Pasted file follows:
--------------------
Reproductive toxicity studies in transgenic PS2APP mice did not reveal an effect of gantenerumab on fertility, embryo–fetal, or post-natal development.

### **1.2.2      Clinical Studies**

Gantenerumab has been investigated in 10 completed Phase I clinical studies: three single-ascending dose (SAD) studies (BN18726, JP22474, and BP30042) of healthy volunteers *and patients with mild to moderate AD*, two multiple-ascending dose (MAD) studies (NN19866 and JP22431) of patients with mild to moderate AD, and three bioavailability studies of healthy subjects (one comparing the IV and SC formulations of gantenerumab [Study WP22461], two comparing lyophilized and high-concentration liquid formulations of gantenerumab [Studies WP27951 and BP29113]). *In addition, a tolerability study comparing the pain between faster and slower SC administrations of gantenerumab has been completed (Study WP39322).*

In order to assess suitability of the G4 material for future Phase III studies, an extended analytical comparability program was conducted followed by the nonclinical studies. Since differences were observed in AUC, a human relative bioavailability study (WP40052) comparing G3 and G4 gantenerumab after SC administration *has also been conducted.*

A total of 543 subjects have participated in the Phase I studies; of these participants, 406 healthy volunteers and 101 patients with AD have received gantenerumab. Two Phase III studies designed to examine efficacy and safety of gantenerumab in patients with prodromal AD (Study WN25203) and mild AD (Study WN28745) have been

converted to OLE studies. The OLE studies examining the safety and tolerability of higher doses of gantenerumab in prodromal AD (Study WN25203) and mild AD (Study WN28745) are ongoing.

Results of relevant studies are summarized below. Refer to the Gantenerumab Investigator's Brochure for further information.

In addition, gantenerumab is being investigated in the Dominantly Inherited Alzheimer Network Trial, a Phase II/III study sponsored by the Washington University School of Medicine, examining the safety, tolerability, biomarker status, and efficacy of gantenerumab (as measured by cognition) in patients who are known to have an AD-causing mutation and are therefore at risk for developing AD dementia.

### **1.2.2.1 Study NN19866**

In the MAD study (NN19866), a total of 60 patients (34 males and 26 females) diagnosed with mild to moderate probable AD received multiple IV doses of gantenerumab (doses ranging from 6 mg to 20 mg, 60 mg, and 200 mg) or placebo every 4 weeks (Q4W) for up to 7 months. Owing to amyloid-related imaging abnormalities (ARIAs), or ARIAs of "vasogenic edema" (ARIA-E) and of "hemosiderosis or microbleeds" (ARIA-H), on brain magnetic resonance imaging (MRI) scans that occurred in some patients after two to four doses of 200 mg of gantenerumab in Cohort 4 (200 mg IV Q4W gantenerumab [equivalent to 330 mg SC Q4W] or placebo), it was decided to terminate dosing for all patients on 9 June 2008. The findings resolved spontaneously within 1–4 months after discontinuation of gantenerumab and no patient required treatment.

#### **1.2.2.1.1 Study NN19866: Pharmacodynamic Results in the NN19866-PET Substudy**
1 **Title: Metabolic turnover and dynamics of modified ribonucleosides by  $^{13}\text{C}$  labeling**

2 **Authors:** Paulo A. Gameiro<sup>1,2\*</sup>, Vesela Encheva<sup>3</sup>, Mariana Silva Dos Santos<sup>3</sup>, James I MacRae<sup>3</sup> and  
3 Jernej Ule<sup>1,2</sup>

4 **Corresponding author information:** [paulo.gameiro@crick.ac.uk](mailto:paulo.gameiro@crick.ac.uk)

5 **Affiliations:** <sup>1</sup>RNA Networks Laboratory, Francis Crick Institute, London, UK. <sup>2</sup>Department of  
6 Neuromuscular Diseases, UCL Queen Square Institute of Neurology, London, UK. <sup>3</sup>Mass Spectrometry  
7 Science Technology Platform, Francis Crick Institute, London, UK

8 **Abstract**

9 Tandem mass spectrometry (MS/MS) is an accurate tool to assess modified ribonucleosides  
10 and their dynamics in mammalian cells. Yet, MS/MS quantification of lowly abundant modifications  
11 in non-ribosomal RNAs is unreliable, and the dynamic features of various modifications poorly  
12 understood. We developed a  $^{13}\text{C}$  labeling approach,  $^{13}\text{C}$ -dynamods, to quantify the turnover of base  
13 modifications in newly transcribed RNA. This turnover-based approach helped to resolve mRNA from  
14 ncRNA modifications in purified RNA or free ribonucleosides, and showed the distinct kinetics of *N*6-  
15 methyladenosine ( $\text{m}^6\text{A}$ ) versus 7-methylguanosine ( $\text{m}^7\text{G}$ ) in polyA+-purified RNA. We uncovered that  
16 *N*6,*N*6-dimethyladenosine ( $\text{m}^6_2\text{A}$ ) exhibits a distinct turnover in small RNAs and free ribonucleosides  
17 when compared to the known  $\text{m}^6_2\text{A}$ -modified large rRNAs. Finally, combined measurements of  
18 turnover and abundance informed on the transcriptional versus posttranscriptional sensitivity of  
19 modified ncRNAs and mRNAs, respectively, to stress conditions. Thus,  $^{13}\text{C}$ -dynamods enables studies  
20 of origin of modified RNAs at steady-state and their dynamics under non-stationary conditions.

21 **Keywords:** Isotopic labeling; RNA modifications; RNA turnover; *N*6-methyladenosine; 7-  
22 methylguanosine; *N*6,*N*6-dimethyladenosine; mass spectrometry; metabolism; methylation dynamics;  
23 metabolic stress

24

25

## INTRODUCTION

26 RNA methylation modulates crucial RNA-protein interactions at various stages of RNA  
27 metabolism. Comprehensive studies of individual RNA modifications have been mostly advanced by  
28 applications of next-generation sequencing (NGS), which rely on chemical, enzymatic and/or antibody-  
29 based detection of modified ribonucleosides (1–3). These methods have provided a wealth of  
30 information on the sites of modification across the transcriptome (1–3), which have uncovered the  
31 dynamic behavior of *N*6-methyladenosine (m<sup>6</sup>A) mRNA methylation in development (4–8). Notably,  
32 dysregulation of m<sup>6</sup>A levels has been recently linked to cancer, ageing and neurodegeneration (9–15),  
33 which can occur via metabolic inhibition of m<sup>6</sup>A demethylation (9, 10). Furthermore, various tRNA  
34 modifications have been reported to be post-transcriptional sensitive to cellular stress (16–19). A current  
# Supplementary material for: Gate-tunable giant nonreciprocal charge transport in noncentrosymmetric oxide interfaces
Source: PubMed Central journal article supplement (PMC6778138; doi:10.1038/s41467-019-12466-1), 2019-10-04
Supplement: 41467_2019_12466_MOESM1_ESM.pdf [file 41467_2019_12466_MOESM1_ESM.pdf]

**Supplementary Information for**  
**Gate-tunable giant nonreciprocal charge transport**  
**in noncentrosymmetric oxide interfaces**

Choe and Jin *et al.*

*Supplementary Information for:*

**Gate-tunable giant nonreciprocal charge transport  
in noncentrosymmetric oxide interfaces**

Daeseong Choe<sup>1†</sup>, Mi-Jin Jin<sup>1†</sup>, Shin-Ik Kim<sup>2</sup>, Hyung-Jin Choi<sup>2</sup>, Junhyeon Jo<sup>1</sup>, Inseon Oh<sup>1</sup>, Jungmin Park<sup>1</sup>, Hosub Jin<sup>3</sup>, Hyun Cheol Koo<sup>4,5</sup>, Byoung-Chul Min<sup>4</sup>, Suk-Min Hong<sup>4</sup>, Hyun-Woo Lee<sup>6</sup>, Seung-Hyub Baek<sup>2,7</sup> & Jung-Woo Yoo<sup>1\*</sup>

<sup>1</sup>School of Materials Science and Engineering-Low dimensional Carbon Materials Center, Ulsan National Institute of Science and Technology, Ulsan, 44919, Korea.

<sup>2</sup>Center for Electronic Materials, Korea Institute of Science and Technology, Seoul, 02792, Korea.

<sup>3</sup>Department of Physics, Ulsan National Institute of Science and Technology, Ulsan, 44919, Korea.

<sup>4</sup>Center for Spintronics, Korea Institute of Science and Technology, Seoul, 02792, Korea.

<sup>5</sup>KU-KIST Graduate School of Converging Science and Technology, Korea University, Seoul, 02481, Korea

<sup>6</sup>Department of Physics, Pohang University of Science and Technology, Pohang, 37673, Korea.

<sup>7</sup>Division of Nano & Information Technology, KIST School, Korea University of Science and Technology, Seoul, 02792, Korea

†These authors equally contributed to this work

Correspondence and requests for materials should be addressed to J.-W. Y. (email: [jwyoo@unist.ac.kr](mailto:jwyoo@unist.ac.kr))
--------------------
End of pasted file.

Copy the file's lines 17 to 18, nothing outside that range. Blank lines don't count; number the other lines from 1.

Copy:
6 Neuromuscular Diseases, UCL Queen Square Institute of Neurology, London, UK. <sup>3</sup>Mass Spectrometry  
7 Science Technology Platform, Francis Crick Institute, London, UK